India Court: Is Condom Packaging Obscene?

India Court: Is Condom Packaging Obscene?
Rhett Pardon

MUMBAI — India’s highest court has ordered the country’s solicitor general to explore whether images of scantily clad women and men on packaging and advertisements for condoms, contraceptives and other sexual wellness products breach obscenity laws.

The Supreme Court this week asked the solicitor general to file a report within six weeks as well as take a “stand” on pictures printed on the products, according to the International Business Times.

“You tell us whether action can be taken on these ads or not. Take a look at the advertisements available on record and also others and then tell us what is your stand,” the court told the government’s lawyer, Maninder Singh.

The court also asked Singh: “Do you have any plan to regulate such advertisements? Is there a way you can check what is going to be printed on these packets or can you take action only after these packets with pictures are available in the market? You also have to tell us if such advertisements may constitute a penal offense.”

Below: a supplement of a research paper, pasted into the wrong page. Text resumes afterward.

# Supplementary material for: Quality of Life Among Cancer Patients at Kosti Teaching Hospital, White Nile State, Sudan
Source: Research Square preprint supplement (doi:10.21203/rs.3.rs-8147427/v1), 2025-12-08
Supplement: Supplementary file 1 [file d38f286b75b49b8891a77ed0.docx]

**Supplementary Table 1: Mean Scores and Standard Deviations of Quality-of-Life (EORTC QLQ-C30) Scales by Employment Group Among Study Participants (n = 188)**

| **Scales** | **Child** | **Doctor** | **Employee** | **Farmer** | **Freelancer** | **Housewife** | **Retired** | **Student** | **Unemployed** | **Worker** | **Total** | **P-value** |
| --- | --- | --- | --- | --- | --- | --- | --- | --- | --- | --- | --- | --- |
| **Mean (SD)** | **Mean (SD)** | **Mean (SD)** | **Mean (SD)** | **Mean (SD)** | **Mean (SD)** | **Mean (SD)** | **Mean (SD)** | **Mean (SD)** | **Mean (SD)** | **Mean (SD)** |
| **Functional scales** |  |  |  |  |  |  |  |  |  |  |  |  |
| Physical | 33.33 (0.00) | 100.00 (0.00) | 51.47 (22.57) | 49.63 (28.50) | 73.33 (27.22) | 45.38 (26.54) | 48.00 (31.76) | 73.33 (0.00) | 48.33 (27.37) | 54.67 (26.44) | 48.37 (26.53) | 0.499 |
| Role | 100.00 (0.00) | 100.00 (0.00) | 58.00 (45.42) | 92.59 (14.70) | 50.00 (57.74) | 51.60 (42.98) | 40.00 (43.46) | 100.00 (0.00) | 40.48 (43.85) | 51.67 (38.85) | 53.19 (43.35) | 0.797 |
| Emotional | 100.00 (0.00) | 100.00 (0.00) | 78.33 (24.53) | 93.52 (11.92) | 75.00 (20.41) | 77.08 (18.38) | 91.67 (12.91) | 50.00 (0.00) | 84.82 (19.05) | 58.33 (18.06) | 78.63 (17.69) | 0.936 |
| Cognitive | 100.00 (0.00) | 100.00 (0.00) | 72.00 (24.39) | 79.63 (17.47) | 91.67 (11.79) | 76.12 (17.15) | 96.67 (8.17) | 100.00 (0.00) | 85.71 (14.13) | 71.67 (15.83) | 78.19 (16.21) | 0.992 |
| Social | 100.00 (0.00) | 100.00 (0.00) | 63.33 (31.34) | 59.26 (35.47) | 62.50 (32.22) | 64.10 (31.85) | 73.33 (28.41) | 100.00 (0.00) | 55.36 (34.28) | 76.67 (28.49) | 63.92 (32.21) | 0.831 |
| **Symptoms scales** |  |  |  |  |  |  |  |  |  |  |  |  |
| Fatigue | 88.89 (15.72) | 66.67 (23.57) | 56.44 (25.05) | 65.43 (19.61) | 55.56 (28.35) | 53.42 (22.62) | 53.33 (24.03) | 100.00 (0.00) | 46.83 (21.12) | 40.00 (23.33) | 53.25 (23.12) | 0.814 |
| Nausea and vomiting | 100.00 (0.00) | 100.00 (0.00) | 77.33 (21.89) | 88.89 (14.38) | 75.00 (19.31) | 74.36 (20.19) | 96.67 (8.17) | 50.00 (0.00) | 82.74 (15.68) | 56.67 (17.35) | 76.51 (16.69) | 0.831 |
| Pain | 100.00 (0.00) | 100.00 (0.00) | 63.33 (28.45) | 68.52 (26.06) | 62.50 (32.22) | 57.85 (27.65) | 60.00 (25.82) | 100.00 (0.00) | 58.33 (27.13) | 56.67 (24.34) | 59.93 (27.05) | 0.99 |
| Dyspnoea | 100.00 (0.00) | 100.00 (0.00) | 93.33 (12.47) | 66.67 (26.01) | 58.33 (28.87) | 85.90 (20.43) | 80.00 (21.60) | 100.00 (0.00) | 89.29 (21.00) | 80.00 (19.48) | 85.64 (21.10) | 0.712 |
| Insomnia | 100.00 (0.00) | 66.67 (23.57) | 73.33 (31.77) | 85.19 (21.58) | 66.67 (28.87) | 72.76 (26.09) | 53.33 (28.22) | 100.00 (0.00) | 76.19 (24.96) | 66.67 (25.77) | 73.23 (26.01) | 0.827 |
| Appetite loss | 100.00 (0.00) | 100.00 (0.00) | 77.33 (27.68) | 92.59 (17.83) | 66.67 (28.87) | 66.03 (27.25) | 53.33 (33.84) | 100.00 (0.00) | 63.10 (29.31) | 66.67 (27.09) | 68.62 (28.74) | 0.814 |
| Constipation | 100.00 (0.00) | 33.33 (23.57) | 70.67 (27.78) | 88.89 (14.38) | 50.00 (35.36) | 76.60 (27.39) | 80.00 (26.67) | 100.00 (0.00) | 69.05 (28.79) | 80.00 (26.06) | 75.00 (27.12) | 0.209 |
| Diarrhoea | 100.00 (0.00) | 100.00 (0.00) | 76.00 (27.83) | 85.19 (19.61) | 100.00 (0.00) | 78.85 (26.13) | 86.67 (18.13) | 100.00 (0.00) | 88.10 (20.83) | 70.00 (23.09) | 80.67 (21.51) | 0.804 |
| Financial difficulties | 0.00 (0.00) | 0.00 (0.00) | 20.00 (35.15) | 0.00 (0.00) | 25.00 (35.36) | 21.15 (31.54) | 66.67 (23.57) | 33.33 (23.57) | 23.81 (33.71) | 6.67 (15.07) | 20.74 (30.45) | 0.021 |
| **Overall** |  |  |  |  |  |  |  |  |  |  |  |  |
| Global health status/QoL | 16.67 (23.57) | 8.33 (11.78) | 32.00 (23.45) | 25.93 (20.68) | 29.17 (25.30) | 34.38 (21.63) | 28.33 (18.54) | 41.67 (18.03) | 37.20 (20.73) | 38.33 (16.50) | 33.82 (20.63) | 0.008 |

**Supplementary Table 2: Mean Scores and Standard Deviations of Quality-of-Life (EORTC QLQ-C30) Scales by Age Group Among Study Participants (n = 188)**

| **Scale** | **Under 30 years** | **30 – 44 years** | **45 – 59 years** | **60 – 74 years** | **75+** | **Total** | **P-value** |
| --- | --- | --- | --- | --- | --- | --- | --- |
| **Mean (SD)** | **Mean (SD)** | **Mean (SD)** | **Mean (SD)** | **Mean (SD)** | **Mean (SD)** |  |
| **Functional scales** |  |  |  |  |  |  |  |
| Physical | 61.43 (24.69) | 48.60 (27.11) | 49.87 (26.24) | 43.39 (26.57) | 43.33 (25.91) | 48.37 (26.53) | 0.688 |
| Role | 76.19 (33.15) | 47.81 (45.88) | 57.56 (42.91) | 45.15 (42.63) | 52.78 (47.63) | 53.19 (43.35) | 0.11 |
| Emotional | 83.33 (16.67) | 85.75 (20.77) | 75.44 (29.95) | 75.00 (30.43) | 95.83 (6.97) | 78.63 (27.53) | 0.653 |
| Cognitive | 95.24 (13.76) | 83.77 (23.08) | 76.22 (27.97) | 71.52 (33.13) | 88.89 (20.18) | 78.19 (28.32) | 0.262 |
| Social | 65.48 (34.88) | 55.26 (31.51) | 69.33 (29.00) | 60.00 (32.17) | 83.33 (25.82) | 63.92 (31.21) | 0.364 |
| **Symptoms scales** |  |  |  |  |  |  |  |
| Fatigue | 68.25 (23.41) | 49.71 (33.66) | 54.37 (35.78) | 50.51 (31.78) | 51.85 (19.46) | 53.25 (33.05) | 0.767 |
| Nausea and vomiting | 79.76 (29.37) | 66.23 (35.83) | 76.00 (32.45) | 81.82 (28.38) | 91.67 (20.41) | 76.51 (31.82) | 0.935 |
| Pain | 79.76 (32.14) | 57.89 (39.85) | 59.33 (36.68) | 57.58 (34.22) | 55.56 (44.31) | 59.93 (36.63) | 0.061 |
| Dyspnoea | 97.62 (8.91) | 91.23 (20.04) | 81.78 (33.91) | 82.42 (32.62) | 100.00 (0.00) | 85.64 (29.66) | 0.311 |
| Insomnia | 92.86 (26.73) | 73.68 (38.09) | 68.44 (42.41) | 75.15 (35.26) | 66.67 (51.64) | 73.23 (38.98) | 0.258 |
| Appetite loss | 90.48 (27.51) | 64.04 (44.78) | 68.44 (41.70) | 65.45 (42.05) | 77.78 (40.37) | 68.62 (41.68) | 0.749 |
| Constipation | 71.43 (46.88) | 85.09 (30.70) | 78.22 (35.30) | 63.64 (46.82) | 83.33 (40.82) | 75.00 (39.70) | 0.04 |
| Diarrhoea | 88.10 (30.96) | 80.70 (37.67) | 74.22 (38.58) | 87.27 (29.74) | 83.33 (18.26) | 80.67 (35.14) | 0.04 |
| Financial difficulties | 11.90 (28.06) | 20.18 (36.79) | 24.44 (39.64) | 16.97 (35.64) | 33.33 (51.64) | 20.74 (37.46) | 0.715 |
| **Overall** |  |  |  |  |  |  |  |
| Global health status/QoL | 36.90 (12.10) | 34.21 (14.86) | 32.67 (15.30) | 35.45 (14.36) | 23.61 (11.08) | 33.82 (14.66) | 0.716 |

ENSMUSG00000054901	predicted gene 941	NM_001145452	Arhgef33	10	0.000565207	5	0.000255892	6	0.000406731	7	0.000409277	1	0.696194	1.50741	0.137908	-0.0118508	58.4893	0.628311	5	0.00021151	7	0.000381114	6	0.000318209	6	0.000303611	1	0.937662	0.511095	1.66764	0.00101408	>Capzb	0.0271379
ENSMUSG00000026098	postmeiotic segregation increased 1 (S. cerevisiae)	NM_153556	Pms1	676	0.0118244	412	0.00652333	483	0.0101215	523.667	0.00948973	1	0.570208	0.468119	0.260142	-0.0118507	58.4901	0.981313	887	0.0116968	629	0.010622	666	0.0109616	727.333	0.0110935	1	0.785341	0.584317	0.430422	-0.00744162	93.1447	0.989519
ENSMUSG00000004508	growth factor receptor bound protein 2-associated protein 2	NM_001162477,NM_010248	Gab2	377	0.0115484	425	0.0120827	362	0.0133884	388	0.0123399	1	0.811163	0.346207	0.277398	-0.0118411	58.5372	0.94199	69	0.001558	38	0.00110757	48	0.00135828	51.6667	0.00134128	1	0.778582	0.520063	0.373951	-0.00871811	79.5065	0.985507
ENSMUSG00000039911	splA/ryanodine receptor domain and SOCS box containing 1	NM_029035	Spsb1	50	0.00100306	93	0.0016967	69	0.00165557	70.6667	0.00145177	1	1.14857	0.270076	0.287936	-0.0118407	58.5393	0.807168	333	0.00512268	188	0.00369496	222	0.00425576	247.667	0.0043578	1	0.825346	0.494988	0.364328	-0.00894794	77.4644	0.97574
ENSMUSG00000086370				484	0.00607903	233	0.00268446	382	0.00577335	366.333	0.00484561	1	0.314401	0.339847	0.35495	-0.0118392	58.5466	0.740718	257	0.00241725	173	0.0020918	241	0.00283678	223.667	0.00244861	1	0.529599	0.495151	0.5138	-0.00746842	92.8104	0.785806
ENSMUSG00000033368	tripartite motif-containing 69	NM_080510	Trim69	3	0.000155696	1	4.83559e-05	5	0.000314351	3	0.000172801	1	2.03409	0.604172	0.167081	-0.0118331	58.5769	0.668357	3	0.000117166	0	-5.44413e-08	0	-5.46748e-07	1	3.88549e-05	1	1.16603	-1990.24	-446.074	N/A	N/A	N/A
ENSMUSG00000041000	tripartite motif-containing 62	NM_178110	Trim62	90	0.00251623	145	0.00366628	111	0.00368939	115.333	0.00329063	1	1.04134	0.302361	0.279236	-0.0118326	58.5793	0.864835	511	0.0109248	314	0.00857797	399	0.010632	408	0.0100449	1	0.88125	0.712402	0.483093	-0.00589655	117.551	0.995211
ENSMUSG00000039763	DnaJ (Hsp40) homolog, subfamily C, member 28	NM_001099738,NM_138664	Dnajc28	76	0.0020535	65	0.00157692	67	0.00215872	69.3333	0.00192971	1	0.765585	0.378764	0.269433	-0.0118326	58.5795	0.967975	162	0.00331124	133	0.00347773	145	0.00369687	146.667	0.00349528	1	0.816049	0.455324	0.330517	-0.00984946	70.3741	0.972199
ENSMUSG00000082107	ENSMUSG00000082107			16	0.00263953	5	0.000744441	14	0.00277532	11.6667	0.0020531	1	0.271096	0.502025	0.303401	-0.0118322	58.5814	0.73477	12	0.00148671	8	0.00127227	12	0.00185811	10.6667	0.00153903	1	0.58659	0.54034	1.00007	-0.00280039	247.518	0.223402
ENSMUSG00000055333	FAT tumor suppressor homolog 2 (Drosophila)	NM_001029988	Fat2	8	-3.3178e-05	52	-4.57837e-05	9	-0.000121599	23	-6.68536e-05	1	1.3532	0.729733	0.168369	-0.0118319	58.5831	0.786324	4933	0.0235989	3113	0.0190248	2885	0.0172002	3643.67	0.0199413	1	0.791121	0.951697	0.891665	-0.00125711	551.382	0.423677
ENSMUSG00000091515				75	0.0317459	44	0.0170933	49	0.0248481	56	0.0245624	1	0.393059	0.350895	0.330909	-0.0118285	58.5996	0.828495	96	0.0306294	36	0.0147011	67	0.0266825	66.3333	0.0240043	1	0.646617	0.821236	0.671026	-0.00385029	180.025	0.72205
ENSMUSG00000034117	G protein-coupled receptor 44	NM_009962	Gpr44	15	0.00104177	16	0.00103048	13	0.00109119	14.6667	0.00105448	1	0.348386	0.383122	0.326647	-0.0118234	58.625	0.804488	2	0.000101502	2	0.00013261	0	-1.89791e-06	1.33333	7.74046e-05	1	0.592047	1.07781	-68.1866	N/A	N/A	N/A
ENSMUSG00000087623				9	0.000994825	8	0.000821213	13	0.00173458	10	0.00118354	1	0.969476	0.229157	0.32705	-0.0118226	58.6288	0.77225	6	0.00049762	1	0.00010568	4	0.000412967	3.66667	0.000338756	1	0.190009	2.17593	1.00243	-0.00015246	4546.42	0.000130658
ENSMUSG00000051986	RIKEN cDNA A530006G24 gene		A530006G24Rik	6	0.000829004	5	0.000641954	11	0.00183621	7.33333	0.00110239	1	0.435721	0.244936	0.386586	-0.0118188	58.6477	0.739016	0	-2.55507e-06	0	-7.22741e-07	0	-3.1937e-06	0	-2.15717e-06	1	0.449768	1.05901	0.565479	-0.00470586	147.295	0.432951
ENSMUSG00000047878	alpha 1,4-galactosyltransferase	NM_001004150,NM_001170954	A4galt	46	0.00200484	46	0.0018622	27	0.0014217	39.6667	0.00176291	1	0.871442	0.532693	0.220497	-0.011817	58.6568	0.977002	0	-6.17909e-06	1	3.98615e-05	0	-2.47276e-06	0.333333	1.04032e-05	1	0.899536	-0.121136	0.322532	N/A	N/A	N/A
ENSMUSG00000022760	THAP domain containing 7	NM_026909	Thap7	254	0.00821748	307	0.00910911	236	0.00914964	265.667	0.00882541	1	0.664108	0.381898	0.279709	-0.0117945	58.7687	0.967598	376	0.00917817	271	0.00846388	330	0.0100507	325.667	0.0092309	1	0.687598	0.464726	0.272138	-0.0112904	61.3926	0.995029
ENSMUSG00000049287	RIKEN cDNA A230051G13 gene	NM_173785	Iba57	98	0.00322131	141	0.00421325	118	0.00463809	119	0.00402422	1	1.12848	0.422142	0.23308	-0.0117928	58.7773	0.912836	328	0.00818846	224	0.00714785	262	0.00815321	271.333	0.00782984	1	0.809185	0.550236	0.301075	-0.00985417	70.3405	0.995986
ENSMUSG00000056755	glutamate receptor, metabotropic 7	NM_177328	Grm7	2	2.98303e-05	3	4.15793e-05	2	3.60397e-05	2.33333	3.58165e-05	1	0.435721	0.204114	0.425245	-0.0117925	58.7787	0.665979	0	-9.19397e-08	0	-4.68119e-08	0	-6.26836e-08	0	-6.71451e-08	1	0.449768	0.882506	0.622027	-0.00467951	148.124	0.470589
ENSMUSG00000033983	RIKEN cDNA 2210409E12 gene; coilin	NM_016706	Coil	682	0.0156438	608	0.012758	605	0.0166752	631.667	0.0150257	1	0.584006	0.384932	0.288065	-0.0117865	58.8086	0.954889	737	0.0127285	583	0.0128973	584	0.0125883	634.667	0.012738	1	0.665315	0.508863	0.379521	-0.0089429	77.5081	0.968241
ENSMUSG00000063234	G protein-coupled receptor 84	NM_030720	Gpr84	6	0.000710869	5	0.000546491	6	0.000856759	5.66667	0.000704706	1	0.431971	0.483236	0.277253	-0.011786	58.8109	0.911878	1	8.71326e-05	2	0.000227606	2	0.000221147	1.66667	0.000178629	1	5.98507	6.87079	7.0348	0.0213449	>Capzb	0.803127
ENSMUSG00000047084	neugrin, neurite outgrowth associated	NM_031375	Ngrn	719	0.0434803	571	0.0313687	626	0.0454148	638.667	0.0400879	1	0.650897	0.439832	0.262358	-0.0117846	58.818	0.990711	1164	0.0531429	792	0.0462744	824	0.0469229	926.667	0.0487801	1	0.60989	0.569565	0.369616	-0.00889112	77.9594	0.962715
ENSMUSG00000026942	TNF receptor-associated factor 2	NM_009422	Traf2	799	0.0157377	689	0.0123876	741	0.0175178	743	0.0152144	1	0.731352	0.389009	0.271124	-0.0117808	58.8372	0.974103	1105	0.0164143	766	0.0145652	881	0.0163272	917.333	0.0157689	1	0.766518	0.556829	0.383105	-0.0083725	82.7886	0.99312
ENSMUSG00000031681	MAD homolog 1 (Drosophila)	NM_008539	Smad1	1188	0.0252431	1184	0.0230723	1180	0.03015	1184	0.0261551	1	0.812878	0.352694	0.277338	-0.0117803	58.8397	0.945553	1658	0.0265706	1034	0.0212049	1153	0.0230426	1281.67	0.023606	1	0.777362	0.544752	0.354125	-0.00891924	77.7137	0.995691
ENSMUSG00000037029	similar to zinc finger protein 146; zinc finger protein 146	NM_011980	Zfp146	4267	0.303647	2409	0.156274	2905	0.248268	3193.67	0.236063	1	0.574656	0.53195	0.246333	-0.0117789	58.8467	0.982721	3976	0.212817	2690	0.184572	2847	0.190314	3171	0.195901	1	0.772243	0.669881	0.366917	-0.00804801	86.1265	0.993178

Conservatives in this country often register complaints with police under the obscenity law and police are obliged to register a case when complaints are made. Penalties carry a maximum punishment of two years in prison and five years for repeat offenders.  

Bollywood actress and former porn star Sunny Leone was hit with an obscenity charge last year for her online movies and photographs.

India censors blocked the release of the erotic film “Fifty Shades of Grey” in theaters last year, but they were forced to reverse a controversial order banning hundreds of porn websites after being accused of heavy-handed censorship.

The case at hand over packaging and advertising came after condom manufacturers appealed an earlier high court order banning lurid pictures from their packets on the grounds that they were obscene and an affront to Indian culture.

The high court was responding to a petition filed against the manufacturers.